To judge by the press attention to the book many had apparently hoped that the official biography would let us know what the relationship between the Queen Mother and Princess Diana was really like and whether it was true that the Queen Mother and her good friend and lady-in-waiting Ruth Fermoy played a part in “arranging” the marriage between their respective grandchildren Charles and Diana. The latter question is not touched upon and we learn little about the first, partly because Princess Margaret in the 1990s destroyed the letters from Princess Diana to the Queen Mother. One of the few surviving letters was written by the Princess of Wales just after her wedding in 1981. “I will try my HARDEST to make your grandson happy & give him all the love & support he needs & deserves”, the Princess writes. “I still can’t get over how lucky I am & it will take me the rest of my life to recover!” It is quite poignant to read these words when one knows how it all ended.
The Queen Mother loved her eighties, we are told. Her nineties were considerably more difficult, considering all the troubles which engulfed the royal family during that decade – press intrusion, public scandals, the divorces of three of her grandchildren, the fire at Windsor Castle and the violent death of the Princess of Wales are of course remembered by most of us. Combined, these events meant that the British monarchy in the 1990s found itself in its biggest crisis since the abdication.
Again we learn little about the Queen Mother’s role and her views on all this, except that she apparently tried to stay out of it as much as possible. “There were some in the Royal Household who wished Queen Elizabeth would give him [Prince Charles] robust advice”, Shawcross writes. “But that was not her style. She never liked to acknowledge, let alone confront, disagreeableness within the family. It was a characteristic which had earned her the nickname ‘imperial ostrich’ among some members of the Household. She thought her role was not to try and change people’s courses but to be an anchor”.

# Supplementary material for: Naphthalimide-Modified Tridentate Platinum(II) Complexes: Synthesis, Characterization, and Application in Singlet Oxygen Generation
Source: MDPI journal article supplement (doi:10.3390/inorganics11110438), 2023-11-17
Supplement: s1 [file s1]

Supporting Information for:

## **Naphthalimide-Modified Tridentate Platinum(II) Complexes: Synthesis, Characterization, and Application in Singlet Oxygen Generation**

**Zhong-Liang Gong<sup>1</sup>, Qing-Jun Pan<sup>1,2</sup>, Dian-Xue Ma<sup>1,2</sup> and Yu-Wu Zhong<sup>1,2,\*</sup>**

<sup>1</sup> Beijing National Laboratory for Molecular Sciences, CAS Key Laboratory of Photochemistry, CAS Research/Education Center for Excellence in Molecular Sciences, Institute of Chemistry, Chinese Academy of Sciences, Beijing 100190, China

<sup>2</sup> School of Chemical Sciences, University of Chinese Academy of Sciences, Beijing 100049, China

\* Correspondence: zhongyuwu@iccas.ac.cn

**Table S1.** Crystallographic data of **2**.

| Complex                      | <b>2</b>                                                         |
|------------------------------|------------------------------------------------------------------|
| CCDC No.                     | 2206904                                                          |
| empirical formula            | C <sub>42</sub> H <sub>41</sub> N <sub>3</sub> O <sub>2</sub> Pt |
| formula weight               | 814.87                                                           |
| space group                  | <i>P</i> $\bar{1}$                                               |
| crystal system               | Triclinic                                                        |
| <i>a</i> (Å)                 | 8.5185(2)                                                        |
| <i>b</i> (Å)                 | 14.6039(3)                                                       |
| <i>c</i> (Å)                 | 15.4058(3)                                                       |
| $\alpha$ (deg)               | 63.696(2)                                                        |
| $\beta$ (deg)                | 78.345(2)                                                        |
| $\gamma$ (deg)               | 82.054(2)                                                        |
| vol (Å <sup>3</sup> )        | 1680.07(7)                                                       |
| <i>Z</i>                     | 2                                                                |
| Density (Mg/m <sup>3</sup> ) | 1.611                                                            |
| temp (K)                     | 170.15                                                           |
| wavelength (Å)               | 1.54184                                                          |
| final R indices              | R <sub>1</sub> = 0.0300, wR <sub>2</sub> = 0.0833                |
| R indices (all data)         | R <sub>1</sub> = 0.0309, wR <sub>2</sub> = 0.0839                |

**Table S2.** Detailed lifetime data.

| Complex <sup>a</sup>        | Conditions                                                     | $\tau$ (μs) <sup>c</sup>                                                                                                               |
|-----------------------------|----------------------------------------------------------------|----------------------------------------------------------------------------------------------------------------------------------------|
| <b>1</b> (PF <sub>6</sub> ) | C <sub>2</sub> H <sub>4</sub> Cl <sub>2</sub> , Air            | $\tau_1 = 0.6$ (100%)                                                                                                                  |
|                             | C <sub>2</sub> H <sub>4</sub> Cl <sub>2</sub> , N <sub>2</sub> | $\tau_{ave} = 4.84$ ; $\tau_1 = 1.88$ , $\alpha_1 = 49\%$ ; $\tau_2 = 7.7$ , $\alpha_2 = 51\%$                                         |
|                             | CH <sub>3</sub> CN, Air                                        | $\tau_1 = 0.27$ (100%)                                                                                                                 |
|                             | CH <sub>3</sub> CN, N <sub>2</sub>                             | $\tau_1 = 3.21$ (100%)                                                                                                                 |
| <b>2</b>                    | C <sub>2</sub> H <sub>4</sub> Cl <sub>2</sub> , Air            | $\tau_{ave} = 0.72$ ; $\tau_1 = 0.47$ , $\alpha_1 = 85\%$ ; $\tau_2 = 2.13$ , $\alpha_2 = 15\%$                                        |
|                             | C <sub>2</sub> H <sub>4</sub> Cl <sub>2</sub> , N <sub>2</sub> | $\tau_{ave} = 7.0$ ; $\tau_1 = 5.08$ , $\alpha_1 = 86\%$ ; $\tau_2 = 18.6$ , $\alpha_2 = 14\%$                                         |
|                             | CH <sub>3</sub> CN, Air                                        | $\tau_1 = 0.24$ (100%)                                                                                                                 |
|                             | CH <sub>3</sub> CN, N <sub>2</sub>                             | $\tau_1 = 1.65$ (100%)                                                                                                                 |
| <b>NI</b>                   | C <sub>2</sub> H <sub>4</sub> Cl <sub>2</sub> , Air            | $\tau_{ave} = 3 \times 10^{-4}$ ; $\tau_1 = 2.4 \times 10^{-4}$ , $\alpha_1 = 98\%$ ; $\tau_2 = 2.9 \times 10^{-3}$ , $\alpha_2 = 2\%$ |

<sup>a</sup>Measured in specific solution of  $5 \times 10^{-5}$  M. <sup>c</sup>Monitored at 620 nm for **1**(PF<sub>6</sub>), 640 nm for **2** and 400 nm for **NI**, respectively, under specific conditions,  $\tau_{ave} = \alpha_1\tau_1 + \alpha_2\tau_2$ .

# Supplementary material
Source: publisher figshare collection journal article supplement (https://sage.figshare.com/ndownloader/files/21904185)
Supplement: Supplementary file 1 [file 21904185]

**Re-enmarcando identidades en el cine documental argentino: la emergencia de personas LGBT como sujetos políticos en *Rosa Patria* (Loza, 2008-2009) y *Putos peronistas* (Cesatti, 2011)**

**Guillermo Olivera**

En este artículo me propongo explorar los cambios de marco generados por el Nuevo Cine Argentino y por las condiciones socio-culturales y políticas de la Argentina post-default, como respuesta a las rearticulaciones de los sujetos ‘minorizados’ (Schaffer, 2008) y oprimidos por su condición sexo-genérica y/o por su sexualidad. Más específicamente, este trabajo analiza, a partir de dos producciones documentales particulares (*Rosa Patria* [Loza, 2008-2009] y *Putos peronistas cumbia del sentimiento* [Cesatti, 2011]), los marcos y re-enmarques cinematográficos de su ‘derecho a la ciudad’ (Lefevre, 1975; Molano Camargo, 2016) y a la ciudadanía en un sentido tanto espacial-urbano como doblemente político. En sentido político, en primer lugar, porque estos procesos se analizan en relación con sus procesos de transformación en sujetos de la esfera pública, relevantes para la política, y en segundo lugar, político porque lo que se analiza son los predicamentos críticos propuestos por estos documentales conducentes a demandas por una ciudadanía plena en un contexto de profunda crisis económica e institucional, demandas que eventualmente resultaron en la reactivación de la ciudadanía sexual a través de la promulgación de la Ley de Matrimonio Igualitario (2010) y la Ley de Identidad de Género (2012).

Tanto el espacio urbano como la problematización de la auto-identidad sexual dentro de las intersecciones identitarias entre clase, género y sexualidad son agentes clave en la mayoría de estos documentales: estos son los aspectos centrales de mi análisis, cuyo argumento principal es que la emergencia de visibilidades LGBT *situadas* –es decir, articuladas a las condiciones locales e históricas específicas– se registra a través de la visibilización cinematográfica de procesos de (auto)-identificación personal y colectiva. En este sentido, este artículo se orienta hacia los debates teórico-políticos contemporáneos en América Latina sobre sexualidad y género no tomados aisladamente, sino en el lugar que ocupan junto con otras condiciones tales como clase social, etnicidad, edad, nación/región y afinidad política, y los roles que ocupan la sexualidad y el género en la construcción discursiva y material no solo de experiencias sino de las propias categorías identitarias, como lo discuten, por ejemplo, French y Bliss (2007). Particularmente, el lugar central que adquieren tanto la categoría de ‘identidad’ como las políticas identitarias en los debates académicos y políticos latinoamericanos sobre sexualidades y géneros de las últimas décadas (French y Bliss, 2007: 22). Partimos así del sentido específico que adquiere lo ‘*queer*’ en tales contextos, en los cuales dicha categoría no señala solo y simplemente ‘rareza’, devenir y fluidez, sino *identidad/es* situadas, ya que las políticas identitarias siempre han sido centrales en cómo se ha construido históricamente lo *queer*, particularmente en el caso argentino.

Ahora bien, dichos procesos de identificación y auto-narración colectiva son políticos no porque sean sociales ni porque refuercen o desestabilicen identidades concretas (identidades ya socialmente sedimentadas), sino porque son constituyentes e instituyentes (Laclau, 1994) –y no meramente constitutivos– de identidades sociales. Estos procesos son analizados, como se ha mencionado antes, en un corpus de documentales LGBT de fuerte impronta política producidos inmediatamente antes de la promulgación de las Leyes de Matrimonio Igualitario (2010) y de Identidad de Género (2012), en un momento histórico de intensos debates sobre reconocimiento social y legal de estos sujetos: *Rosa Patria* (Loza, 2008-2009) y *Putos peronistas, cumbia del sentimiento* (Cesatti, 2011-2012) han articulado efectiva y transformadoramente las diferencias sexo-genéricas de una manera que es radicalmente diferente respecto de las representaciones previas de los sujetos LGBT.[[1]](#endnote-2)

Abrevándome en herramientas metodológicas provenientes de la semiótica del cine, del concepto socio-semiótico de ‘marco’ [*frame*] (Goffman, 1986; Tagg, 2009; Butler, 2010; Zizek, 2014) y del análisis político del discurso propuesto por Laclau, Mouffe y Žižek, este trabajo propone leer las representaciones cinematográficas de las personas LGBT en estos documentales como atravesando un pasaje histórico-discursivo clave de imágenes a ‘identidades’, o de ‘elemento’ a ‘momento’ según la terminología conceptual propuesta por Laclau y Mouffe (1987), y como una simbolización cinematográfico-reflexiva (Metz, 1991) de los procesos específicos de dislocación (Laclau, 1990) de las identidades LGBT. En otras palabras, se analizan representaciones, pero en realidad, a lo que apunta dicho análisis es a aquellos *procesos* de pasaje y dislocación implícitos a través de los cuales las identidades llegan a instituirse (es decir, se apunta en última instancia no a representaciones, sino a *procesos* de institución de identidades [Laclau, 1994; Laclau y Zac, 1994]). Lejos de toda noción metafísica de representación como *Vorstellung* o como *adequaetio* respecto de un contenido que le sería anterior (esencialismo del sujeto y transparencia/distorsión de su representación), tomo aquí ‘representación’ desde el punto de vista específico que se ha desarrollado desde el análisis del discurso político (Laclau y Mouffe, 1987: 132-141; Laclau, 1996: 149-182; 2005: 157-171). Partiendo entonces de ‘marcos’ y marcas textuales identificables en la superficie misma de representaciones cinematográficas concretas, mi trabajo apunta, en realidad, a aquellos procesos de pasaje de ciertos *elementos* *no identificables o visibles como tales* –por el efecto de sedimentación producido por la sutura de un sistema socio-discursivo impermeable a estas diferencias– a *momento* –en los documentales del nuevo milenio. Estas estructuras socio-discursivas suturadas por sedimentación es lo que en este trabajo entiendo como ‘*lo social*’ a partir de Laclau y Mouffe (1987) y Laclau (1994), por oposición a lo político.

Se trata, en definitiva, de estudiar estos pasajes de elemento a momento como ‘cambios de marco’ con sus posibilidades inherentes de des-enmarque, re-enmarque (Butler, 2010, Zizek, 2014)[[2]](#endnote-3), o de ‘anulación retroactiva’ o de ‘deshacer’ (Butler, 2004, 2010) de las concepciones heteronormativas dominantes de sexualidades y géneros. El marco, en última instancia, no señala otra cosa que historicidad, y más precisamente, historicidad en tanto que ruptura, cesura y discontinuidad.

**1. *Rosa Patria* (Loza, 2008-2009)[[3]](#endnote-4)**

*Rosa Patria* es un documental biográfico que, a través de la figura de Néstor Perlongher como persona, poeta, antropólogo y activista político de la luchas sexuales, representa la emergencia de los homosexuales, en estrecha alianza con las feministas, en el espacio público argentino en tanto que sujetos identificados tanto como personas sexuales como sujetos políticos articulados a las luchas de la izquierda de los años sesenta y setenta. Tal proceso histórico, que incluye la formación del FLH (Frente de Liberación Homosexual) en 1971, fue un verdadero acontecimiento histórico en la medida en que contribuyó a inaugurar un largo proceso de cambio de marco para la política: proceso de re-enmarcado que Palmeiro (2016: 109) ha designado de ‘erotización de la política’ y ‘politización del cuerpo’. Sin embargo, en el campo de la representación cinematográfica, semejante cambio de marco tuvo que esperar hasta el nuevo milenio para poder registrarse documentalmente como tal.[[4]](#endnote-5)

We are told that she found Andrew Morton’s book on Princess Diana “deeply shocking” and that “the washing of dirty linen in public was utterly abhorrent to Queen Elizabeth. Her life was based upon obligation, discretion and restraint”. She “regretted” the Prince of Wales’s decision to talk about his marriage in Jonathan Dimbleby’s biography and TV documentary, saying: “It’s always a mistake to talk about your marriage”. But she hoped the book “would help history to judge him better”.
Throughout the storm Queen Elizabeth the Queen Mother was virtually the only member of the royal family to remain almost above criticism. Her great popularity and her presence as a living reminder of a time when the British royal family had been an important inspiration to their people may perhaps in itself have helped sustain the institution through the crisis. She lived to see the crisis pass and at the time of her death on 30 March 2002 the monarchy had again entered more placid waters. A crowd of a million people turned out in London on the day of her funeral, clearly demonstrating that the royal family was still able to touch a chord with its people.
By all accounts the Queen Mother was herself not unusually talented, but she seems to have been very conscious of her own role and image. She combined great charm with an ability to get on with people from all walks of life, despite her own privileged existence. To her charm, she added a strong sense of duty, a will of iron and a great love of life.
When Princess Diana once told her how much she looked forward to her 100th birthday, the Queen Mother replied that she might be run over by a bus before then. She then added something about her own philosophy of life: “Wouldn’t it be terrible if you’d spent all your life doing everything you were supposed to do, didn’t drink, didn’t smoke, didn’t eat things, took lots of exercise, all the things you didn’t want to do, and suddenly one day you were run over by a big red bus, and as the wheels were crushing into you you’d say ‘Oh my God, I could have got so drunk last night!’ That’s the way you should live your life, as if tomorrow you’ll be run over by a big red bus”.
Perhaps she also disclosed something about herself when her daughter Princess Margaret was born and she wrote in a letter: “[...] I am glad to say that she has got large blue eyes and a will of iron, which is all the equipment that a lady needs! And as long as she can disguise her will, & use her eyes, then all will be well”.